Mental Health in the Digital Age

Mental Health in the Digital Age
Mental Health in the Digital Age

Forgetting someone’s name, not remembering where you parked the car, misplacing your phone or forgetting why you came into the kitchen – these are very common memory lapses we experience from time to time. But more and more, these moments don’t happen exclusively to seniors, as even people in their 30’s and 40’s are complaining of more frequent memory problems. Dr Gary Small, a top brain expert from the US, was in Bangkok recently during the APAC Wellness Tour. He shared his perspectives on the impact of today’s modern technology on the human brain and how it can shape social behavior. During his talk, he revealed that millions of millennials worldwide are addicted to their electronic devices that have become their main source of cerebral stimulation.

Dr Small shared the results of a survey on office workers aged 25 to 45 in Taiwan last year. The study found that 61% of workers use their devices for six to 10 hours a day and 78% reported feeling that their memory was affected by their overuse of the device. Around 60% admitted to forgetting their personal belongings. In Thailand, a recent report by the Google Consumer Barometer revealed that 53% of Thais use the Internet every day. This figure has increased by 89% since 2013. Seventy percent of Thailand’s population uses smart phones, an increase of 126% since three years ago. “In the modern world, technology has become an inevitable part of our day-today activities, and we find it difficult to get through a day without our smartphones and computers.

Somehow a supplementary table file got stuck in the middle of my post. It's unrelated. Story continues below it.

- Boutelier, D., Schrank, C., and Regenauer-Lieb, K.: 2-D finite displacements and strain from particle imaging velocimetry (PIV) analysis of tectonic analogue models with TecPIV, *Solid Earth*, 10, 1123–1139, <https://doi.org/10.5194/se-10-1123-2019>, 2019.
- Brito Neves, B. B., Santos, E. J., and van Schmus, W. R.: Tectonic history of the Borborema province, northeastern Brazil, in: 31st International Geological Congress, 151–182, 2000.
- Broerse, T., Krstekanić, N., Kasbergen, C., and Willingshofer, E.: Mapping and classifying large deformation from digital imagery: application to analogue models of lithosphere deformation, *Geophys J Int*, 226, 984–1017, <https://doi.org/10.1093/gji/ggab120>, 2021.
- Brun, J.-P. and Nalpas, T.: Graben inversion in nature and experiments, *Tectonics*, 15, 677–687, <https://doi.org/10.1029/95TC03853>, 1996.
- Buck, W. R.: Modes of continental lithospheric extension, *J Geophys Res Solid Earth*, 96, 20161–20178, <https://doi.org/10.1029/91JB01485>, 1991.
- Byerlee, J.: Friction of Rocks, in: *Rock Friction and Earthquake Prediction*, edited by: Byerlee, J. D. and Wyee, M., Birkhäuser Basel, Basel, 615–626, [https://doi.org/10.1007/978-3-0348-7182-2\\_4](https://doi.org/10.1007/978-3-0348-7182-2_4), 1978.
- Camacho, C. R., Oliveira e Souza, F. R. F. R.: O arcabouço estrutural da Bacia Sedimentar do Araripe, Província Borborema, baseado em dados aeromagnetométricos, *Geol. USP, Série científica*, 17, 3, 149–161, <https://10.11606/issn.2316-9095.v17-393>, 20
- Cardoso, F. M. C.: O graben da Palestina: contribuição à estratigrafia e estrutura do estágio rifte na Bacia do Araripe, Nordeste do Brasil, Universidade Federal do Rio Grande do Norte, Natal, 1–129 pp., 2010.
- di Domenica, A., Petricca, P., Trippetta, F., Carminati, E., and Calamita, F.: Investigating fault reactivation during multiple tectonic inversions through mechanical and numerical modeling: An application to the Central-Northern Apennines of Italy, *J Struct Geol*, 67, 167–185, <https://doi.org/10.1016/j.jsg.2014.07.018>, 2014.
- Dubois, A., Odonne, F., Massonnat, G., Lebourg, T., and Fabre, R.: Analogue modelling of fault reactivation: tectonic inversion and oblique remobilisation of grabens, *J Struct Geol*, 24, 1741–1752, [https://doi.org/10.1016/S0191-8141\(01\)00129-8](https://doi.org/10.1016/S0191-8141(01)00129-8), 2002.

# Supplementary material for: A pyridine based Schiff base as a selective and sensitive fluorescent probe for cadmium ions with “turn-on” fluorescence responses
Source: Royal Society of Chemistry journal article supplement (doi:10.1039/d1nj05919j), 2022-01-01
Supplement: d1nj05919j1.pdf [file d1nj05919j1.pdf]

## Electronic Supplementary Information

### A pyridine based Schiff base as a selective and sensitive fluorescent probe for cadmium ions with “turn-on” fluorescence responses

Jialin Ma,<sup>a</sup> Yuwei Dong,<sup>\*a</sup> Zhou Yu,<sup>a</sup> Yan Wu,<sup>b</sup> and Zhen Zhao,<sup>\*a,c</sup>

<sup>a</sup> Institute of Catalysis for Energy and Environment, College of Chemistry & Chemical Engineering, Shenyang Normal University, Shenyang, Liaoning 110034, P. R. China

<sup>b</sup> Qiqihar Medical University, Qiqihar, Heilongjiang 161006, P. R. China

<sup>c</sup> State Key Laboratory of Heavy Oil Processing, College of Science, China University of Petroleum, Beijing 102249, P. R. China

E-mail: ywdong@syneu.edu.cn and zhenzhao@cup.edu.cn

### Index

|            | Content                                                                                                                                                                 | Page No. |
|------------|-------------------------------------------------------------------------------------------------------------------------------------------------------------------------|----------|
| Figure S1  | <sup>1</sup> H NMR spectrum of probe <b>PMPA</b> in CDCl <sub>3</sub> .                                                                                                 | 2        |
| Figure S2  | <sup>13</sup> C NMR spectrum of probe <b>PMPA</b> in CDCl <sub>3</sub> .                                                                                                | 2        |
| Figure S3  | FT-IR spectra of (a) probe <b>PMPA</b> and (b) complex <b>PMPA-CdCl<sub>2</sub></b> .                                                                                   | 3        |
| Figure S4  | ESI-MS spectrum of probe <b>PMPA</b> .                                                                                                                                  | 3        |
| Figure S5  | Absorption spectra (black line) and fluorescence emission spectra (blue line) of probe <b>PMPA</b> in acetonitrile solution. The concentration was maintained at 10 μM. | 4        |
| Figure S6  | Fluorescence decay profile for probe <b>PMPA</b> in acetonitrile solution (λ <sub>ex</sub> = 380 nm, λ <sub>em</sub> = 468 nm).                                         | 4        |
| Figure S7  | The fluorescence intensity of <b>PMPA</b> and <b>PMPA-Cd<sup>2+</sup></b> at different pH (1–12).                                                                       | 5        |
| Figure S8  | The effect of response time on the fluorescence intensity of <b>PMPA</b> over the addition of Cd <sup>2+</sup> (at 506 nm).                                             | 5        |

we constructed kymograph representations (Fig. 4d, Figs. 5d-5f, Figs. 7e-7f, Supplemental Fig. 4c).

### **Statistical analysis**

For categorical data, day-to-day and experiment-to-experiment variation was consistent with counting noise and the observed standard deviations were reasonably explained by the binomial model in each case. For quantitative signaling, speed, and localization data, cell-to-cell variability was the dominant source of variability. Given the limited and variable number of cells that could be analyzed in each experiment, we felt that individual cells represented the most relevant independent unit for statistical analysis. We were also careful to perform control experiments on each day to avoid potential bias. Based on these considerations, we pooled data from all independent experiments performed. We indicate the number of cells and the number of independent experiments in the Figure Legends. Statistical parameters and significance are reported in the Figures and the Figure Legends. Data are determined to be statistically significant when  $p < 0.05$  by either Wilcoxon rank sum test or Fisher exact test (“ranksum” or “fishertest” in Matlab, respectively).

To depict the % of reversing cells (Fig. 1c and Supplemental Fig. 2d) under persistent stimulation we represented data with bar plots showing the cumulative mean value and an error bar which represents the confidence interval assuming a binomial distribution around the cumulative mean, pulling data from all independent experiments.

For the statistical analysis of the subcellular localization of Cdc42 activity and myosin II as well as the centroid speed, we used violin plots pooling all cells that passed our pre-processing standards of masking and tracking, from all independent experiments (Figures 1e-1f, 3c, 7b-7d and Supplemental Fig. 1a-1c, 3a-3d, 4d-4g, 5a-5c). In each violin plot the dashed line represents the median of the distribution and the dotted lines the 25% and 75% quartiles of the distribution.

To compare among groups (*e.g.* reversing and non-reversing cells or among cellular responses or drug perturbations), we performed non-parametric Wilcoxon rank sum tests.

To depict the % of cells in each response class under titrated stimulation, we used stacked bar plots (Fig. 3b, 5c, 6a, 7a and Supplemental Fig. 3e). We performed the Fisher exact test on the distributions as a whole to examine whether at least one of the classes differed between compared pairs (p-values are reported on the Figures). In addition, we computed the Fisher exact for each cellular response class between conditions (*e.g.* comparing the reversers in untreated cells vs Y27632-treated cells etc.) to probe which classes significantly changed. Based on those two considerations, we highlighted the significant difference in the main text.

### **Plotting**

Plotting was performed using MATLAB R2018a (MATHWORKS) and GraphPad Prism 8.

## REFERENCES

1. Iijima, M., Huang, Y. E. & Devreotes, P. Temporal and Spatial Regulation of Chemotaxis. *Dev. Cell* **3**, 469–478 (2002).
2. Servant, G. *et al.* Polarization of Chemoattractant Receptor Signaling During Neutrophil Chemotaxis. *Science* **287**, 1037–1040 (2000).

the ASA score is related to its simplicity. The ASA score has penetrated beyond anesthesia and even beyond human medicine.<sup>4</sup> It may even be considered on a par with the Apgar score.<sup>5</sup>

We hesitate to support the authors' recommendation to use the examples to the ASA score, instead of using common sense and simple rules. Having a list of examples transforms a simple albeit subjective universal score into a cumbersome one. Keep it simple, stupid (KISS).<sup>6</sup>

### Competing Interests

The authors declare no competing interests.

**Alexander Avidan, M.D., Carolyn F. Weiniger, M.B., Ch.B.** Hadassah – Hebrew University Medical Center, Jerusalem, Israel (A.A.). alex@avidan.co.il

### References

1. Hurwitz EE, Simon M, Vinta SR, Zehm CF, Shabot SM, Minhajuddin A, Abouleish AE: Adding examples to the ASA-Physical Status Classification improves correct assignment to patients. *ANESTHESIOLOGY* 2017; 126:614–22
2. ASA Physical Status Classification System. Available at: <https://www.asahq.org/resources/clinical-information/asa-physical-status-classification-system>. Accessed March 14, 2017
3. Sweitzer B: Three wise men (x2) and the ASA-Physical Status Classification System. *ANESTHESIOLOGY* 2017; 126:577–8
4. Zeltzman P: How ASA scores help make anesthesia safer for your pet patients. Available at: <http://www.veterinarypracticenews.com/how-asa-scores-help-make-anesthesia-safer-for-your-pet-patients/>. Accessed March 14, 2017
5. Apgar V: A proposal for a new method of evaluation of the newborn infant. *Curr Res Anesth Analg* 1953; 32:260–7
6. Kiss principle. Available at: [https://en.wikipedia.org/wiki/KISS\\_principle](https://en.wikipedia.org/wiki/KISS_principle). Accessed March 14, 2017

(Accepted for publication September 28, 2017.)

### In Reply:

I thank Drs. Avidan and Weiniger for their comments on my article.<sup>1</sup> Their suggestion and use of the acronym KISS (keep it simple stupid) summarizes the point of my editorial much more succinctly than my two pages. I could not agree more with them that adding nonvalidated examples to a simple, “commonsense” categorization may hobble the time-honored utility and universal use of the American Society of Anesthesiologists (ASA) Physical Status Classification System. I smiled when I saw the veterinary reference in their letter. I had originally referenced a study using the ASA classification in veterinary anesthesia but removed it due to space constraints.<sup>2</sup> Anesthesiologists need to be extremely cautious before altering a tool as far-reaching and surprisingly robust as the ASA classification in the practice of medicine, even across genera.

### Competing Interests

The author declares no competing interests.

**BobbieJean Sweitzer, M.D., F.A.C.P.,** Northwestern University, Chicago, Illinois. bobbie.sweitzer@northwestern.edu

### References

People have become so dependent on technology, that it is changing the way we live, work, communicate and interact with others. It is also changing the way our brain works,” he said. Studies show that a significant number of millennials who have grown up in the digital age are showing signs of short term memory dysfunctions and other disorders, and are more distracted and forgetful. “We grew up memorizing phone numbers and birthdays, but now we have devices to do these things for us. Many hours a day are spent attached to smartphones, computers and tablets and the effects to the brain can be damaging. The overuse of technology can affect the balanced development of the brain,” he explained. Nutritional choices that protect the brain: Emphasise: Beans, fruits, vegetables, nuts, olive oil, poultry, whole grains, fish Minimise: Butter, cheese, margarine, fast or fried foods, pastries and sweets.

During his talk, Dr Small emphasized the importance of brain health and the advantages of maintaining a lifestyle that can help keep the brain young and active. His studies reveal that genetics accounts for only part of the risk of dementia, Alzheimer’s disease and other signs of mental decline, and that there are other factors such as physical conditioning, stress management, mental stimulation and nutrition that we should be aware of. “The good news is our memory does not have to decline as we age. There are lifestyle strategies associated with keeping the brain sharp. Physical exercise is a must to keep the brain cells active, and mental and memory exercises such as crossword puzzles, Sudoku or learning a new language to build your brain muscle. Less stress could mean a lower risk of memory loss, since people prone to stress are also more likely to develop brain-related diseases,” he said.